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as a non-degree holder, how valuable is the first year?
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gtd



Joined: 26 Oct 2011
Posts: 30

PostPosted: Tue Feb 21, 2012 6:22 pm    Post subject: as a non-degree holder, how valuable is the first year? Reply with quote

I'm currently in the process of finding my first ESL job in Asia. I dont have a degree, just my TESOL, so I know my options are limited. What i'd like to know is if i worked in China (for example) for 1 year, would that be enough to get me into somewhere more desirable such as South Korea or Japan? Or is a degree my only chance?
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nomad soul



Joined: 31 Jan 2010
Posts: 11441
Location: The real world

PostPosted: Tue Feb 21, 2012 6:31 pm    Post subject: Re: as a non-degree holder, how valuable is the first year? Reply with quote

Unfortunately, having experience won't get you a work permit for those countries; you'd need a 4-year degree.
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gtd



Joined: 26 Oct 2011
Posts: 30

PostPosted: Tue Feb 21, 2012 6:42 pm    Post subject: Reply with quote

not the answer i was hoping for. what about other countries like Taiwan, Vietnam, or Thailand?
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nomad soul



Joined: 31 Jan 2010
Posts: 11441
Location: The real world

PostPosted: Tue Feb 21, 2012 7:04 pm    Post subject: Reply with quote

I don't know about Taiwan, Vietnam, or Thailand; other posters might have answers for you. I see you posted this same question before, http://forums.eslcafe.com/job/viewtopic.php?t=93499. Were you expecting visa and job requirements to have changed in the past two months?

The bigger question is: Are you planning on making TEFL a career? If so, you'll need to eventually get a degree if you want to improve your chances for getting those better-paying teaching jobs in your desired countries. Otherwise, you'll have to continue to be very flexible as to where you can go for work. And those choices will remain limited. That's reality.
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gtd



Joined: 26 Oct 2011
Posts: 30

PostPosted: Tue Feb 21, 2012 7:35 pm    Post subject: Reply with quote

nomad soul wrote:
I see you posted this same question before, http://forums.eslcafe.com/job/viewtopic.php?t=93499. Were you expecting visa and job requirements to have changed in the past two months?.


not the same question at all but thanks for the help...
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nomad soul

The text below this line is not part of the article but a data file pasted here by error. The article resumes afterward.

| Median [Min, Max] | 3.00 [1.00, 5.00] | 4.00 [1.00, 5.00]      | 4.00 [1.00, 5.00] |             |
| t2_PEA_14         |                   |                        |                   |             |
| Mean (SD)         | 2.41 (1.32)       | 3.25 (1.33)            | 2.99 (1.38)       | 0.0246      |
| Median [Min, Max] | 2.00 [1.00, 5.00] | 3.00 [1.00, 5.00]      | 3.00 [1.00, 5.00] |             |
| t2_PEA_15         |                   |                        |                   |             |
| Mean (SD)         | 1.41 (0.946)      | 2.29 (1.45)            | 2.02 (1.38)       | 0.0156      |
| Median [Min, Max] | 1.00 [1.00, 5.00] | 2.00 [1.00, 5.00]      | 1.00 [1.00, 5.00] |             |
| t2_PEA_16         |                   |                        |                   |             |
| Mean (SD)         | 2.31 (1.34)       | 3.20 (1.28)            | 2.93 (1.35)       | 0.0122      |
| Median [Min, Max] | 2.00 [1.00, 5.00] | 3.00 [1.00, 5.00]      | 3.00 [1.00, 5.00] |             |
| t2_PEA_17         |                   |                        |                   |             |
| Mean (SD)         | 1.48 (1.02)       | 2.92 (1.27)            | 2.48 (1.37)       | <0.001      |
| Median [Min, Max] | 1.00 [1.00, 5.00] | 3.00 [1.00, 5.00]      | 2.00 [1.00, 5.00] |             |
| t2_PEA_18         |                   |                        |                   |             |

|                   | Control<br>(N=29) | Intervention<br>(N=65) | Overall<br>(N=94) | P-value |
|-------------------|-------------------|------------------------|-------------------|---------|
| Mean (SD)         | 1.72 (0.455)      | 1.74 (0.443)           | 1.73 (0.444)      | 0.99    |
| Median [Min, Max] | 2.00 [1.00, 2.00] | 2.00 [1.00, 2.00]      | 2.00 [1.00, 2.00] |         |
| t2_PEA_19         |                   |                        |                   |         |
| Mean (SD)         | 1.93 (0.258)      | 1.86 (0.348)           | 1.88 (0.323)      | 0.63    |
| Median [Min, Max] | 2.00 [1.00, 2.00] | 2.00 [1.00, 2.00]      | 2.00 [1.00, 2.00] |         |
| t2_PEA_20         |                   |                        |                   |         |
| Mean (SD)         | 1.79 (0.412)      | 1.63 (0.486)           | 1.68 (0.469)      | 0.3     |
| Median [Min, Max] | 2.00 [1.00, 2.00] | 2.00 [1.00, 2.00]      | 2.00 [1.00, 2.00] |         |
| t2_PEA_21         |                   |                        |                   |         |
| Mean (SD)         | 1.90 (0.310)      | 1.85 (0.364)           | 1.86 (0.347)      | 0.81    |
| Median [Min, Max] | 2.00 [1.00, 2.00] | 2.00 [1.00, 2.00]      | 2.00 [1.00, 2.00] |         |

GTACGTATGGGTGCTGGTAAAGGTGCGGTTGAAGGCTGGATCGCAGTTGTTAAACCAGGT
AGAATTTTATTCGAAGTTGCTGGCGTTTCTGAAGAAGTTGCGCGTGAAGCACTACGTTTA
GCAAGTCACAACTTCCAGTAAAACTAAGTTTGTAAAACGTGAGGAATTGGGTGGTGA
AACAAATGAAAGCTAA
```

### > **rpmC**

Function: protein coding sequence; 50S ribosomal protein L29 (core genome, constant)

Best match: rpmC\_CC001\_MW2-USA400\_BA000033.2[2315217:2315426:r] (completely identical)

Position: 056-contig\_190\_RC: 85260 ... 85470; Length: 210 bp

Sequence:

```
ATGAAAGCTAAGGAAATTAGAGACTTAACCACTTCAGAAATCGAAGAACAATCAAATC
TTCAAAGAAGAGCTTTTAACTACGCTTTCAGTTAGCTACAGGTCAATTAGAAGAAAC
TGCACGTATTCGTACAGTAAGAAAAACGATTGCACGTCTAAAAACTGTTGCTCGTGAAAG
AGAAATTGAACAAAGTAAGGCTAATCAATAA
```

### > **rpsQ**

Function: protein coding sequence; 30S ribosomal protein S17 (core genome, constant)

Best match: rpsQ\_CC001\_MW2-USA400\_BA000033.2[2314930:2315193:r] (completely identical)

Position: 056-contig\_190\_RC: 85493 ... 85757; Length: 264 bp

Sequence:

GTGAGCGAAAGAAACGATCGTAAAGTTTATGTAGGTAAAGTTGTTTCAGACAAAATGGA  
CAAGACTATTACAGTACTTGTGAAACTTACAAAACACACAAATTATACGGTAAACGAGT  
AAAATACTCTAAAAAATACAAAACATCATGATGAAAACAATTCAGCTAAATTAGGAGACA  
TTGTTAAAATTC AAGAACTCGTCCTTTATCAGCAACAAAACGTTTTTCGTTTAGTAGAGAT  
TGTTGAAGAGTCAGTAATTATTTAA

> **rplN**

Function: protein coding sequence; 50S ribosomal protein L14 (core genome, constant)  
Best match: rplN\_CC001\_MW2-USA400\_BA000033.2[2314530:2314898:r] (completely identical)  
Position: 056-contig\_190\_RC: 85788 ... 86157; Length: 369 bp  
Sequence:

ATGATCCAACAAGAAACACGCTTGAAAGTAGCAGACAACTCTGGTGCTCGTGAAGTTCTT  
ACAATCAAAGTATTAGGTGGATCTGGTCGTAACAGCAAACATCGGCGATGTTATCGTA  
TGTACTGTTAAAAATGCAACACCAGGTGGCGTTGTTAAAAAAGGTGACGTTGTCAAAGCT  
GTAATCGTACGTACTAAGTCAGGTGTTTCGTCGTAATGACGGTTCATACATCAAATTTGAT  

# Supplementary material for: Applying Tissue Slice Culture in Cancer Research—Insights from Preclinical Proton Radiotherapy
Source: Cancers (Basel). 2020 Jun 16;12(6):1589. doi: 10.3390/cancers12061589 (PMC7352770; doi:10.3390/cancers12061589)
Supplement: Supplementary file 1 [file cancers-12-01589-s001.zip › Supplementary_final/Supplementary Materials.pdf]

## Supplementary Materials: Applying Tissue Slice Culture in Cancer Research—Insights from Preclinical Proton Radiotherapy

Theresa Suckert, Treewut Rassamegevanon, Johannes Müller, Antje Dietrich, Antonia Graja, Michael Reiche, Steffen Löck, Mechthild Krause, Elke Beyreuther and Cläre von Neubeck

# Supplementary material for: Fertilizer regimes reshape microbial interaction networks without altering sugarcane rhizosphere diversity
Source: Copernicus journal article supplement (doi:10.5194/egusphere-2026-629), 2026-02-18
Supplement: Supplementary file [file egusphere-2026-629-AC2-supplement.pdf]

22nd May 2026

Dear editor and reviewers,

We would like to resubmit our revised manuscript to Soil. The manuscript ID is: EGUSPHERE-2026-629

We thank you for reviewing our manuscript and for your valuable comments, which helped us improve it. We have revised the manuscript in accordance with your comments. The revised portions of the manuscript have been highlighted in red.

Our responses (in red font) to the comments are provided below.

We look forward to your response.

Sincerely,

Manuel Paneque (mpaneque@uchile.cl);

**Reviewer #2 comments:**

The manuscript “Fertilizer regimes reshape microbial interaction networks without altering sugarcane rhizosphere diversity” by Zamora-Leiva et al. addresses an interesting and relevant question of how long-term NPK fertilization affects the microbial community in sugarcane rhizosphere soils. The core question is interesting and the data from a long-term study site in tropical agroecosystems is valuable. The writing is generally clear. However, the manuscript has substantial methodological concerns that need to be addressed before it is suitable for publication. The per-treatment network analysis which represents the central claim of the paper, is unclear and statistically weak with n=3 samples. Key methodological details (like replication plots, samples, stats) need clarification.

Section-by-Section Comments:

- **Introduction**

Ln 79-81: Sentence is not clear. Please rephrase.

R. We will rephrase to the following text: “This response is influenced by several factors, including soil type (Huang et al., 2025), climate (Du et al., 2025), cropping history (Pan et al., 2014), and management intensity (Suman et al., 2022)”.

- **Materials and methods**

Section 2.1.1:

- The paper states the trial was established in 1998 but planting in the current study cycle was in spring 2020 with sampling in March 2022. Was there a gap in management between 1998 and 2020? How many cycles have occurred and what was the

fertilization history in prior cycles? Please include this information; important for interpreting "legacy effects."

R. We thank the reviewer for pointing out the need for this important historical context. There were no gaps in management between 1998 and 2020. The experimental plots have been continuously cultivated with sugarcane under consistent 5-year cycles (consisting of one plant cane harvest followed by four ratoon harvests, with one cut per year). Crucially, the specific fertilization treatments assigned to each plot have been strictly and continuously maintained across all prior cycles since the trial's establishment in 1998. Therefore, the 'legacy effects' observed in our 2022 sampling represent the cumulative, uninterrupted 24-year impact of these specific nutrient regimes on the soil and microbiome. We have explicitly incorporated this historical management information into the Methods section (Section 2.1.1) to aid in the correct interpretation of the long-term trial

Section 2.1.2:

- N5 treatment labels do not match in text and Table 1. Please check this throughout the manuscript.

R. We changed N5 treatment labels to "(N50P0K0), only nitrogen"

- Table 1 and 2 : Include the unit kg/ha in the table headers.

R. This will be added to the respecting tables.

Joined: 31 Jan 2010
Posts: 11441
Location: The real world

PostPosted: Tue Feb 21, 2012 8:04 pm    Post subject: Reply with quote

Sorry if I sounded harsh, but your questions are similar in that the real issue is satisfying a country's education requirements for a valid work permit. It won't matter how many years of teaching you have if you aren't eligible to legally work in certain countries because you lack a degree. Plus, more employers are requiring them. This is why I asked if you wanted to make TEFL your career.

There may be a few countries that currently offer the type of flexibiity you're seeking, but that pool is shrinking---the situation has changed over the past 10 or so years. And you certainly don't want to bank on using experience alone as a ticket to move on to other countries. Your options may end up as either working illegally or under a working holiday visa. The former is certainly very risky; the latter, a possibility but with rules and restrictions. Do an Internet search on countries that offer a working holiday visa and maybe that will give you a better of idea of where you might be able to teach.
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Tudor



Joined: 21 Aug 2009
Posts: 337

PostPosted: Tue Feb 21, 2012 9:19 pm    Post subject: Re: as a non-degree holder, how valuable is the first year? Reply with quote

nomad soul wrote:
Unfortunately, having experience won't get you a work permit for those countries; you'd need a 4-year degree.


I seem to think you can work in Japan without a degree if you have three years of relevant and verifiable experience, but certainly not one.

A 4-year degree? The majority of degree courses in the UK take three years - are you suggesting that most British graduates are precluded from working in Korea or Japan? I think the idea of a country only accepting a "4-year degree" is a slightly dated and US-centric conceit, although I'm prepared to stand corrected.